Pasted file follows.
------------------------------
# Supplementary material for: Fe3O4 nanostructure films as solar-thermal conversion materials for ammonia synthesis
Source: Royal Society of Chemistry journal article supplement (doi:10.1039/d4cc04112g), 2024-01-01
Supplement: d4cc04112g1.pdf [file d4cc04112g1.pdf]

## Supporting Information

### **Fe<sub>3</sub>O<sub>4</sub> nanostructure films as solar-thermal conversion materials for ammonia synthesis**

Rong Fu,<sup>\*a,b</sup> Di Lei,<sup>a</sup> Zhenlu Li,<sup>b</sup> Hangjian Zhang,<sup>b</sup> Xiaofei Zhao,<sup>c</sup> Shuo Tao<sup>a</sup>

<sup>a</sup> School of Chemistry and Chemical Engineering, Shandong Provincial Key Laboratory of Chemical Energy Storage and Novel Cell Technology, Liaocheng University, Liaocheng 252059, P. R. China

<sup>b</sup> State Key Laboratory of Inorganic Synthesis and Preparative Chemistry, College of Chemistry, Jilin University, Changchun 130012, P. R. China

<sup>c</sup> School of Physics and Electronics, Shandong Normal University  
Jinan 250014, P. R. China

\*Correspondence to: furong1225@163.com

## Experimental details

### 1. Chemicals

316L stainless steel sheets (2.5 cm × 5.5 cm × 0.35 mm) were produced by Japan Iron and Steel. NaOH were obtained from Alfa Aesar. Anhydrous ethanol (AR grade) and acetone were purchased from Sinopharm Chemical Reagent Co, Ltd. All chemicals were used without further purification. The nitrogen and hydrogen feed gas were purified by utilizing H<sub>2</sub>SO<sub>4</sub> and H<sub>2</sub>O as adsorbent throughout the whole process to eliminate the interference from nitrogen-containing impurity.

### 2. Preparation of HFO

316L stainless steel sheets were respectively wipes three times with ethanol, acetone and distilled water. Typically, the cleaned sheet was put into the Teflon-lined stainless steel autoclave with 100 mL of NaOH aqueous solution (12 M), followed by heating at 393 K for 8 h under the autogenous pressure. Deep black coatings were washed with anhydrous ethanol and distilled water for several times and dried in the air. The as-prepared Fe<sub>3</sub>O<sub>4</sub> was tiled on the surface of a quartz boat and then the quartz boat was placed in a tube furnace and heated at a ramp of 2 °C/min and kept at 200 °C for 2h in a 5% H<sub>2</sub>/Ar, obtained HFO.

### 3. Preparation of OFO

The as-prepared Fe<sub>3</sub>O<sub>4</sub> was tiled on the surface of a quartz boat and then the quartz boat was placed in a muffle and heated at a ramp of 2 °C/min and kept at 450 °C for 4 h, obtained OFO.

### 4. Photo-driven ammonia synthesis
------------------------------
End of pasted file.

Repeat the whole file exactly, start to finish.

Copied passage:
# Supplementary material for: Fe3O4 nanostructure films as solar-thermal conversion materials for ammonia synthesis
Source: Royal Society of Chemistry journal article supplement (doi:10.1039/d4cc04112g), 2024-01-01
Supplement: d4cc04112g1.pdf [file d4cc04112g1.pdf]

## Supporting Information

### **Fe<sub>3</sub>O<sub>4</sub> nanostructure films as solar-thermal conversion materials for ammonia synthesis**

Rong Fu,<sup>\*a,b</sup> Di Lei,<sup>a</sup> Zhenlu Li,<sup>b</sup> Hangjian Zhang,<sup>b</sup> Xiaofei Zhao,<sup>c</sup> Shuo Tao<sup>a</sup>

<sup>a</sup> School of Chemistry and Chemical Engineering, Shandong Provincial Key Laboratory of Chemical Energy Storage and Novel Cell Technology, Liaocheng University, Liaocheng 252059, P. R. China

<sup>b</sup> State Key Laboratory of Inorganic Synthesis and Preparative Chemistry, College of Chemistry, Jilin University, Changchun 130012, P. R. China

<sup>c</sup> School of Physics and Electronics, Shandong Normal University  
Jinan 250014, P. R. China

\*Correspondence to: furong1225@163.com

## Experimental details

### 1. Chemicals

316L stainless steel sheets (2.5 cm × 5.5 cm × 0.35 mm) were produced by Japan Iron and Steel. NaOH were obtained from Alfa Aesar. Anhydrous ethanol (AR grade) and acetone were purchased from Sinopharm Chemical Reagent Co, Ltd. All chemicals were used without further purification. The nitrogen and hydrogen feed gas were purified by utilizing H<sub>2</sub>SO<sub>4</sub> and H<sub>2</sub>O as adsorbent throughout the whole process to eliminate the interference from nitrogen-containing impurity.

### 2. Preparation of HFO

316L stainless steel sheets were respectively wipes three times with ethanol, acetone and distilled water. Typically, the cleaned sheet was put into the Teflon-lined stainless steel autoclave with 100 mL of NaOH aqueous solution (12 M), followed by heating at 393 K for 8 h under the autogenous pressure. Deep black coatings were washed with anhydrous ethanol and distilled water for several times and dried in the air. The as-prepared Fe<sub>3</sub>O<sub>4</sub> was tiled on the surface of a quartz boat and then the quartz boat was placed in a tube furnace and heated at a ramp of 2 °C/min and kept at 200 °C for 2h in a 5% H<sub>2</sub>/Ar, obtained HFO.

### 3. Preparation of OFO

The as-prepared Fe<sub>3</sub>O<sub>4</sub> was tiled on the surface of a quartz boat and then the quartz boat was placed in a muffle and heated at a ramp of 2 °C/min and kept at 450 °C for 4 h, obtained OFO.

### 4. Photo-driven ammonia synthesis